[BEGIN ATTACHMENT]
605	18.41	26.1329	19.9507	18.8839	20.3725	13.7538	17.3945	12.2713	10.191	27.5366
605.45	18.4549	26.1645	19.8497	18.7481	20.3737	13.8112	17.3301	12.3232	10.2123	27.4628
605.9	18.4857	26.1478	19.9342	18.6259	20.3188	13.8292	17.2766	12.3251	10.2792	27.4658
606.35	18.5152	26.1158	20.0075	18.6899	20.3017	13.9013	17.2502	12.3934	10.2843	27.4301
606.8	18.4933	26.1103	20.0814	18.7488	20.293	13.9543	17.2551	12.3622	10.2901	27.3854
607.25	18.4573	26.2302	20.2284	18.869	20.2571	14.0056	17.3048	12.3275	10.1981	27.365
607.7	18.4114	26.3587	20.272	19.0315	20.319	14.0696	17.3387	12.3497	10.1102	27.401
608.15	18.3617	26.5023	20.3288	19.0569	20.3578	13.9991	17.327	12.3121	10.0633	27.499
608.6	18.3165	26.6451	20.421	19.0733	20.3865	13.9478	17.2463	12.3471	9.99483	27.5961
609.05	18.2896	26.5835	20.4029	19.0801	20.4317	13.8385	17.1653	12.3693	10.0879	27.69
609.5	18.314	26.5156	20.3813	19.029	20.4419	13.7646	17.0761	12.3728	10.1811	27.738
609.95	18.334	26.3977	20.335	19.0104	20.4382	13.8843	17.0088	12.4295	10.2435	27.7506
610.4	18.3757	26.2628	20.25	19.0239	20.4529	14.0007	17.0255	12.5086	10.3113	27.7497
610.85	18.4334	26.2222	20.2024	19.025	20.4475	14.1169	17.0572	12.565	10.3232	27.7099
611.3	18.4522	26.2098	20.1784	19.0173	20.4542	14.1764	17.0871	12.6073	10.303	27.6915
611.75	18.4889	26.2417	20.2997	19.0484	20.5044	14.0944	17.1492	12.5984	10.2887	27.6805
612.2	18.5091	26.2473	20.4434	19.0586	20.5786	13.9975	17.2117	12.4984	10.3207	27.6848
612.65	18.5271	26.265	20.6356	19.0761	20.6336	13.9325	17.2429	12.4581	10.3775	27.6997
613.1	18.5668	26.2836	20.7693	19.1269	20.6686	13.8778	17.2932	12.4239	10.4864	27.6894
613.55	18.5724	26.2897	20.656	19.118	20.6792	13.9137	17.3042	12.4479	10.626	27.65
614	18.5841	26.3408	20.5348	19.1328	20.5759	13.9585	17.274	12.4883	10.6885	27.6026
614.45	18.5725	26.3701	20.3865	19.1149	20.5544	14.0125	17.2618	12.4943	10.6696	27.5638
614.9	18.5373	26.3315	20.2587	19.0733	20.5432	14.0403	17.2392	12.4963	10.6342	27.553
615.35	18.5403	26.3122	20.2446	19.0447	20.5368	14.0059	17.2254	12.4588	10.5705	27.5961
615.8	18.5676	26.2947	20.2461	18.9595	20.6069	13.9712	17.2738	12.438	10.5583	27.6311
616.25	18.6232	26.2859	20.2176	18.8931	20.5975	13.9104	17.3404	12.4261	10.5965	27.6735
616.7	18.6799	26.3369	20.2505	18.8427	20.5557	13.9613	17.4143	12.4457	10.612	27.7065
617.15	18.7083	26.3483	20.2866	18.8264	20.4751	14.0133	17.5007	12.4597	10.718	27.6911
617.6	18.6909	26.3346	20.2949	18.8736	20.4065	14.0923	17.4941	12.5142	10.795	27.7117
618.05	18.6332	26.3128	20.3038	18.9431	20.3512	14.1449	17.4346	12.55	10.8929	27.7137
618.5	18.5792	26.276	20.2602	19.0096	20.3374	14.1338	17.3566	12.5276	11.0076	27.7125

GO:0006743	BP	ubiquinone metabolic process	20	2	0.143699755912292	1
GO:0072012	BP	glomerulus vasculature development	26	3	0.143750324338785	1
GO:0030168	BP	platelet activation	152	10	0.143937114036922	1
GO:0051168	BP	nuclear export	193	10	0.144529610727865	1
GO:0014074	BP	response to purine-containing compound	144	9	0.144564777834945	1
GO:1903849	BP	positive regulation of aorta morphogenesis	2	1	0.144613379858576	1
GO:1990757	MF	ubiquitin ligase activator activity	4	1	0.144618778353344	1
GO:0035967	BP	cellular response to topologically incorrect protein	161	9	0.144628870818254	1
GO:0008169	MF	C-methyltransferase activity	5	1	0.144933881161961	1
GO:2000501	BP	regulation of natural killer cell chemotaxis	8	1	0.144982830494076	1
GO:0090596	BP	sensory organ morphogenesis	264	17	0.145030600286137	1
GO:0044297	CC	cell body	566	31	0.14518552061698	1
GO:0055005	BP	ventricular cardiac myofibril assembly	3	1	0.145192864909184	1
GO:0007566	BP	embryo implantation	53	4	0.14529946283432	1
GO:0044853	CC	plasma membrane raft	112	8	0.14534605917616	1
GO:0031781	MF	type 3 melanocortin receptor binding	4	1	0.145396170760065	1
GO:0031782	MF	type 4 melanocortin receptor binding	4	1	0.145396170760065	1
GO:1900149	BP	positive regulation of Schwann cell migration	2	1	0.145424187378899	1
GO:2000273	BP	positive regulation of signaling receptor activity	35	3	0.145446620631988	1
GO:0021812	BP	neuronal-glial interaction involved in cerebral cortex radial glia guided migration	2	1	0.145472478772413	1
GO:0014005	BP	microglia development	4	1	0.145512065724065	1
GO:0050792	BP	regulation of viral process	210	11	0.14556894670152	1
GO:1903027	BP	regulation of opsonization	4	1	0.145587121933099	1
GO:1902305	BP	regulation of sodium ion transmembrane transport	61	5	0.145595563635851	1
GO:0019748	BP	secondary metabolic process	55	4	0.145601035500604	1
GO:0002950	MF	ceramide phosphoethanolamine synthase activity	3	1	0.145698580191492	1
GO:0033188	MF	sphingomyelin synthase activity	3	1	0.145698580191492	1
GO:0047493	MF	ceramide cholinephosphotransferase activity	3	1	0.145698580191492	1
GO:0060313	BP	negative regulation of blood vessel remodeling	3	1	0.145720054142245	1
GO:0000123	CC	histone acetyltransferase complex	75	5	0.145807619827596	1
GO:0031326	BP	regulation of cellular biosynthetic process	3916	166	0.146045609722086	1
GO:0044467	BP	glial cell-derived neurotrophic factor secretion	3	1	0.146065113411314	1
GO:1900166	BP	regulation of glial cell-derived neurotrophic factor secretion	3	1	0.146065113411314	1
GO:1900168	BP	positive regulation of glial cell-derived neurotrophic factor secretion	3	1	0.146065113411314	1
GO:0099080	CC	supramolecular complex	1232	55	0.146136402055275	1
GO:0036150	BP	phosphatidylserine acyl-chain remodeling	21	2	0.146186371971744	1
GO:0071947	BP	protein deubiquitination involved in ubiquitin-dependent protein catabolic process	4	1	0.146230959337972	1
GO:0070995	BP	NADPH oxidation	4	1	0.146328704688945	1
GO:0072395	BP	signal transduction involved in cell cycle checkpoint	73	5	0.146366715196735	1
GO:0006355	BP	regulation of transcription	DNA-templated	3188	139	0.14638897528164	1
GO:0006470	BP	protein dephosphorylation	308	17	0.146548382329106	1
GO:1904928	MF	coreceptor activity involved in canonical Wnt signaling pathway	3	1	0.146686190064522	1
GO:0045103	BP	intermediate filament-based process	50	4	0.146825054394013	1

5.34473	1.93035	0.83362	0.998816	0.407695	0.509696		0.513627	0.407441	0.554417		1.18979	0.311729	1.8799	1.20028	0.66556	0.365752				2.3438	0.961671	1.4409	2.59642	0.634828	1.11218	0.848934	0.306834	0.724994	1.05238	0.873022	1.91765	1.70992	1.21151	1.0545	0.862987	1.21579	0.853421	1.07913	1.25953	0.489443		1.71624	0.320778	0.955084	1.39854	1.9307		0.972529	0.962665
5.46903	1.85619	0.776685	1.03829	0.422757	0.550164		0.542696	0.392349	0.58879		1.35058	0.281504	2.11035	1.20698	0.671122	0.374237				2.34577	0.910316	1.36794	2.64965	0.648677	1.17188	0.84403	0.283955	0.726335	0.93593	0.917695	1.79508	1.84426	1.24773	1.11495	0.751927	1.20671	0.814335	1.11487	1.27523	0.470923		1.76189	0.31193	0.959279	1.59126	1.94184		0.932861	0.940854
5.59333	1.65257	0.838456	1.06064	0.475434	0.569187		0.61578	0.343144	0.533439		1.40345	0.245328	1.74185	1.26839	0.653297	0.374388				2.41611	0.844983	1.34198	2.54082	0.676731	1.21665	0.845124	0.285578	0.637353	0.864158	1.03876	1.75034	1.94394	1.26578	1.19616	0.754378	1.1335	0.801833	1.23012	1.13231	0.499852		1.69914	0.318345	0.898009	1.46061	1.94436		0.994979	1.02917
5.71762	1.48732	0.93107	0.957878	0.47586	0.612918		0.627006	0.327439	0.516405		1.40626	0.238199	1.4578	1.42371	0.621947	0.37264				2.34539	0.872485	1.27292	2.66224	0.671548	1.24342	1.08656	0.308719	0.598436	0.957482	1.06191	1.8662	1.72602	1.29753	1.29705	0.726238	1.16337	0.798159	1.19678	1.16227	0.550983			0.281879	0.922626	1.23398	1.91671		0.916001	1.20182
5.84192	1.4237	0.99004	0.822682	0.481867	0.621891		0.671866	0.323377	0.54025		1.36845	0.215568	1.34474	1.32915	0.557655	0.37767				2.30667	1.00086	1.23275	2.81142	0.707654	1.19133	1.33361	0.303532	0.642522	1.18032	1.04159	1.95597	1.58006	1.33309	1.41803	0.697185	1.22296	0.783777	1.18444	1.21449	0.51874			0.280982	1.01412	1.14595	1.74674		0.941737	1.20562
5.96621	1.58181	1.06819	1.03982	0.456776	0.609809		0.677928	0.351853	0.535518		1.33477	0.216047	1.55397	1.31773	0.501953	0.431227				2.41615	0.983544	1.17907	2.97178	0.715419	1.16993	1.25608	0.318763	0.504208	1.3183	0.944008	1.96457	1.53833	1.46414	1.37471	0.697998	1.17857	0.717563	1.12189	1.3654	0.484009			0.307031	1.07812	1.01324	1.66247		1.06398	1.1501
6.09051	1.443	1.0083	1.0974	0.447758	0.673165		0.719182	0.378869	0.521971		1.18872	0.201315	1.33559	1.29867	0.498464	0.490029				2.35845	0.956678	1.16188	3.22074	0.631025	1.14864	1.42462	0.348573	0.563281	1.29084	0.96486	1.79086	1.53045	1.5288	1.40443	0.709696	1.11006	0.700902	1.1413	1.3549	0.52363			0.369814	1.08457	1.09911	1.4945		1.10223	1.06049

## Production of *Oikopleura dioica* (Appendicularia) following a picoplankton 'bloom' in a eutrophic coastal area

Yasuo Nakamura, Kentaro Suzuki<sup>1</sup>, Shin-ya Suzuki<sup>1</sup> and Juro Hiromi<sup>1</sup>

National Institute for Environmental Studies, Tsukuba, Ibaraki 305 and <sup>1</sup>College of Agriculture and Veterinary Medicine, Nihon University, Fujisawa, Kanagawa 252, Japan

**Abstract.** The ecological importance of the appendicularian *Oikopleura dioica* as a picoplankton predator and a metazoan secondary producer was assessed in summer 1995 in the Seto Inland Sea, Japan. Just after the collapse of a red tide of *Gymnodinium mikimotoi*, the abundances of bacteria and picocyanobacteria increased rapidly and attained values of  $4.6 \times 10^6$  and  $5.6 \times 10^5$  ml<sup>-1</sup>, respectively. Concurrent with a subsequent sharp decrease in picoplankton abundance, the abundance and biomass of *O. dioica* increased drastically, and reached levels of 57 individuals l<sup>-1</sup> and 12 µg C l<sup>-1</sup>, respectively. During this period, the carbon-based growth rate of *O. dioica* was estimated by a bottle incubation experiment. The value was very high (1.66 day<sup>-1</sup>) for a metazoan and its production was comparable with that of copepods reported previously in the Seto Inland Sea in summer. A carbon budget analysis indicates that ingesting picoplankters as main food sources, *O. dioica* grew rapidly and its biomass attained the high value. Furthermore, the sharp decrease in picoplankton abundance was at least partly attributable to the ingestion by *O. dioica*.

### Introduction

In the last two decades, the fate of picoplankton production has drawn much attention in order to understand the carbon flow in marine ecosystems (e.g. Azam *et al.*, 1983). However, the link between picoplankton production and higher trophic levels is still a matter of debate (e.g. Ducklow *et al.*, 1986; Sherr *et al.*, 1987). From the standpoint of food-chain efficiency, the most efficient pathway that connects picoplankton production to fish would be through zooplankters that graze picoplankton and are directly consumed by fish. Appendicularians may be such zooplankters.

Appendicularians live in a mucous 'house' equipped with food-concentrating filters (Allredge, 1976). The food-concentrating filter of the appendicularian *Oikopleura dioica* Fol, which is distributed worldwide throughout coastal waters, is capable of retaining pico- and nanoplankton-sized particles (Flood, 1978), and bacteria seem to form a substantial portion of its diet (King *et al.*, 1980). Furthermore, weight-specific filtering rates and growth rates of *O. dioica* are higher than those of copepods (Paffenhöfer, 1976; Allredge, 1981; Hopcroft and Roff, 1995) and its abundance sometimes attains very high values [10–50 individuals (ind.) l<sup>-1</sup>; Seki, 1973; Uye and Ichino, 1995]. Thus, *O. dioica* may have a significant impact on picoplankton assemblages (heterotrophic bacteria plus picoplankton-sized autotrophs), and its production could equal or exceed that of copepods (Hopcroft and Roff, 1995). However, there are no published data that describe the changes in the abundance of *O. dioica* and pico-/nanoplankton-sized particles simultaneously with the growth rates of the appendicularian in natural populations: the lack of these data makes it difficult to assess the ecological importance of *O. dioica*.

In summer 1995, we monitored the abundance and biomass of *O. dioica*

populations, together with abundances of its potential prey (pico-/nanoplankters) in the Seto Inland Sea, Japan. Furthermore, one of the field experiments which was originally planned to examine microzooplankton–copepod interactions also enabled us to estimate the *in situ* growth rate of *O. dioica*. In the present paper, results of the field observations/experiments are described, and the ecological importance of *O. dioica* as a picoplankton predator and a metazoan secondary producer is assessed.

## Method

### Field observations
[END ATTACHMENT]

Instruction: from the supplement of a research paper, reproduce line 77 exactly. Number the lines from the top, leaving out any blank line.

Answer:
5.59333	1.65257	0.838456	1.06064	0.475434	0.569187		0.61578	0.343144	0.533439		1.40345	0.245328	1.74185	1.26839	0.653297	0.374388				2.41611	0.844983	1.34198	2.54082	0.676731	1.21665	0.845124	0.285578	0.637353	0.864158	1.03876	1.75034	1.94394	1.26578	1.19616	0.754378	1.1335	0.801833	1.23012	1.13231	0.499852		1.69914	0.318345	0.898009	1.46061	1.94436		0.994979	1.02917